The night started off with Boat, and their first time ever playing the Showbox. It’s likely the biggest room they’ve ever played, and they seemed pretty chuffed to be playing. The regular four piece Boat were augmented by a fifth member this night who provided a third guitar and saxophone. The additional fifth guy really seemed to flesh out their sound. It gave them a little more polish, and I don’t think they’ve ever sounded better. They plucked songs from both albums, played all three songs from their new single Topps and even threw in a brand spankin’ new song at the end of their set that seemed like it was written especially for the night, name checking the afore mentioned man of the evening.

Second of this Seattle trilogy line up were the Cops. I wasn’t sure what to expect from these tightly wound post punkers. Their second album Free Electricity which came out last year is good. It’s Gang of Four crossed with Jawbox, loads of attitude and lots of hooks, if a bit same-y sounding at times. After seeing them I can tell you that the Cops totally bring it, and they leave nothing. From the first chord, these guys where whirling, jumping, posing and just totally rocking out for their entire set. I thought there was now way they would be able to keep up their energy for the entire set, but I was wrong. Guitarist John Randolph made me dizzy with his constant whirling and jumping, and singer Mike Jaworski punished the mic with his intense delivery. Their showmanship was made easy buy the super tight rhythm section of David Weeks and Drew Church. This band have the songs and the chops to go beyond their obvious post punk roots and to the next level, I’m looking forward to what comes next from them.
mp3: The Cops – N. 99 (from Free Electricity)

The Long Winters are Roderick’s show, this is very clear when you see them live. Roderick is the guy everyone is there to see. Numerous women around me could be heard squealing such things as he’s soo cute, and I just want to squeeze him, and I’m in love with him. That’s not to say his band are just session guys. Even though there seems to be a revolving door with band members, the Long Winters are truly a band who tour and play on the records. The band seemed to be having as good a time as the rest of the Showbox, laughing at Roderick’s banter. And why not, he is a gregarious fellow, engaging the audience between every song with bon mots a la Billy Bragg. In fact like Bragg, I would say he enjoys the between song part of shows just as much as playing the songs. He had some funny one liners like, ‘look at all these beards. What, is Ballard closed tonight?’ And he wasn’t afraid to put his hair into pony tails or break into classic rock songs from Pink Floyd and Van Halen. He had the place singing Wish You Were Here without even trying. As for the songs, I was expecting to hear some new ones, but they stuck mostly with stuff from the last two albums. There were many shouted requests, that didn’t get played, but I was happy to hear the hits from the last two albums, since it was my inaugural Long Winters show.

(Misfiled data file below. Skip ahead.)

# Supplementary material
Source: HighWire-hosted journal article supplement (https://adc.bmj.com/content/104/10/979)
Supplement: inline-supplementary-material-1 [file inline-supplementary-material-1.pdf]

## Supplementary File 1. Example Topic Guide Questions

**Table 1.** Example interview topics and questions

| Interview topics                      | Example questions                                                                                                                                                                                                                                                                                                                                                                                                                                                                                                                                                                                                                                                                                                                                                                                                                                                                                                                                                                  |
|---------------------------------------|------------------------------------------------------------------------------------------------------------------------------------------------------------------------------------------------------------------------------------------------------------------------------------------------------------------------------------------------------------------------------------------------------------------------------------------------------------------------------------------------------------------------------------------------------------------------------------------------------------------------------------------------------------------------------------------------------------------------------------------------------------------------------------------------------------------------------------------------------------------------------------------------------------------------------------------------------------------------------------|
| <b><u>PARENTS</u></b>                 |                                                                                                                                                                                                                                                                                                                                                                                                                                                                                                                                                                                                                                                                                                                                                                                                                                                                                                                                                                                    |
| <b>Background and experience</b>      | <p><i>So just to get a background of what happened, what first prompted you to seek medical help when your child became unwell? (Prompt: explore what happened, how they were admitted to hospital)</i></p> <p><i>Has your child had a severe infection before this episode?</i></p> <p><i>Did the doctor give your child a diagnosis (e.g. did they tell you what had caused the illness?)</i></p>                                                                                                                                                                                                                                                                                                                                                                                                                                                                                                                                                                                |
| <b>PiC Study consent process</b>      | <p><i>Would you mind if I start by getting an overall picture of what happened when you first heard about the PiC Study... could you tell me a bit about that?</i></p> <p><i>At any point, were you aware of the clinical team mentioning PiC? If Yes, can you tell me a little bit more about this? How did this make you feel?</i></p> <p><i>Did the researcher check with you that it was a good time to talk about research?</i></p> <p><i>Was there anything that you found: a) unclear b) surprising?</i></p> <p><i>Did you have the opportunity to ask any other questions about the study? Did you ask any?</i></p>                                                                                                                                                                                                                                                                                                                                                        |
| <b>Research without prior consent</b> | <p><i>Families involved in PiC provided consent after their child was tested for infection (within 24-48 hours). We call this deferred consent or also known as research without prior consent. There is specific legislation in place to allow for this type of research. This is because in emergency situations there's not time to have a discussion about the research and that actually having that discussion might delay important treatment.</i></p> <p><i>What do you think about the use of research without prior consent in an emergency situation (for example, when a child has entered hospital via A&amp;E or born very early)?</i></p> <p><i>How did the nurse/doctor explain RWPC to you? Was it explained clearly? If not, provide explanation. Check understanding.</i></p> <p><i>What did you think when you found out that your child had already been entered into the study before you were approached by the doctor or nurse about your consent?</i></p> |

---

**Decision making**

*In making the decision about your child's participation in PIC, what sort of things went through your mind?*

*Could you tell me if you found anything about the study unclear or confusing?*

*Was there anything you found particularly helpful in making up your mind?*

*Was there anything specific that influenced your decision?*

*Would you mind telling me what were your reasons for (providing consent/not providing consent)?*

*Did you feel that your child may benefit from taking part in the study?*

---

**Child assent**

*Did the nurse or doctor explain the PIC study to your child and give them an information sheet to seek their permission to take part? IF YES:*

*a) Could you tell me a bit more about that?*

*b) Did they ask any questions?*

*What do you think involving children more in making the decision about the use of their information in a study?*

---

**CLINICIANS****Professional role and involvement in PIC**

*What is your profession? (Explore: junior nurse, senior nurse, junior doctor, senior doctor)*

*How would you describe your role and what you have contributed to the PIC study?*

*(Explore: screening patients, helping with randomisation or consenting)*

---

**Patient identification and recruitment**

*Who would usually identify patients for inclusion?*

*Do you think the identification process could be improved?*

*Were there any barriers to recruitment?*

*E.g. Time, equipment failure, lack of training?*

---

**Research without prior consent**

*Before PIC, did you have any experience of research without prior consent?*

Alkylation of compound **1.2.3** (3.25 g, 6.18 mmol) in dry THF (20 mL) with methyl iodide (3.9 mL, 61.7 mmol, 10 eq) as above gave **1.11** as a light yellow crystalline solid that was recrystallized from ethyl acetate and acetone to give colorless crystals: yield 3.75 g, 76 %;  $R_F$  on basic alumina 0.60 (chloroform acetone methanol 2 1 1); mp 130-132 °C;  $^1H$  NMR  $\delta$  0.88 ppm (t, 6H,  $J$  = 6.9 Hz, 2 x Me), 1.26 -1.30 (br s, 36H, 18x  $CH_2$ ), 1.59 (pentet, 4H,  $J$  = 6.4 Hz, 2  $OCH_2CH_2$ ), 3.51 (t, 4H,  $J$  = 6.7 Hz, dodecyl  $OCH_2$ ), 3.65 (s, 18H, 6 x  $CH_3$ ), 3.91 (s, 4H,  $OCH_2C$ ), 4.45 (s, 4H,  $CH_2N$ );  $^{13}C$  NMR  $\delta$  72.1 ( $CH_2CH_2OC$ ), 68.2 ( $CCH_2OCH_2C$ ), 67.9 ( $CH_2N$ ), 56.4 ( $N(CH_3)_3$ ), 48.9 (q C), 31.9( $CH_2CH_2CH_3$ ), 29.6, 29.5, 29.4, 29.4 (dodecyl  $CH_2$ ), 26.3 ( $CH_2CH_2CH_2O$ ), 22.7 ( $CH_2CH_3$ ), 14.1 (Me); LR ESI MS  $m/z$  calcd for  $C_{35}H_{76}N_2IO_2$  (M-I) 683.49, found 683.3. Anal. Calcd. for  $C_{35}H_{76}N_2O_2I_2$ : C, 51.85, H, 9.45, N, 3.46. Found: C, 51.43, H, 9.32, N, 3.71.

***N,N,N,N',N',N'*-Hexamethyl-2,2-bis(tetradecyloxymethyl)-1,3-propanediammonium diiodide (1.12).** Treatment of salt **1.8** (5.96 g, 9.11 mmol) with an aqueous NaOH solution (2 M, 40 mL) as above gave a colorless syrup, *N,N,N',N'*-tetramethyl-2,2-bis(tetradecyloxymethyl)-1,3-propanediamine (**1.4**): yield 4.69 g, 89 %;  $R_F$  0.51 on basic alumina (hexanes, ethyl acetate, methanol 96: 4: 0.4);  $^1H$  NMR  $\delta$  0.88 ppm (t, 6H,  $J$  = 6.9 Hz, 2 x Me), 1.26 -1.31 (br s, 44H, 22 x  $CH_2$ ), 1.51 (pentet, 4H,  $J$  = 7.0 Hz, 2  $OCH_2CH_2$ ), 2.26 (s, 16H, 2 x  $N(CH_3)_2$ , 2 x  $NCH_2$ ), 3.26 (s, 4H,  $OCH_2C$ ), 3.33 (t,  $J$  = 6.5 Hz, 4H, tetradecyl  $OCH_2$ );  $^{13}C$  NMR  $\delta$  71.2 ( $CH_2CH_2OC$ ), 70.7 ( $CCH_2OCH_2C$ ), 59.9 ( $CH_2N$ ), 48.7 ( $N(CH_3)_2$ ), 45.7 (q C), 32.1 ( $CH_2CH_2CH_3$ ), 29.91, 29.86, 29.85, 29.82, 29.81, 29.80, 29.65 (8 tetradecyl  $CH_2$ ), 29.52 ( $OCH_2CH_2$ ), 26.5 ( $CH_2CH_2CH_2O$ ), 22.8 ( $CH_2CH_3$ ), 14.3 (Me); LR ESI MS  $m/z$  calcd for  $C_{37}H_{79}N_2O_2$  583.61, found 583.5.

mp3: Long Winters – Fire Island, AK (from Putting the Days to Bed)

Three Imaginary Girls were there and have a set list, though somewhat out of order, and I have more pictures from the evening over at my flickr.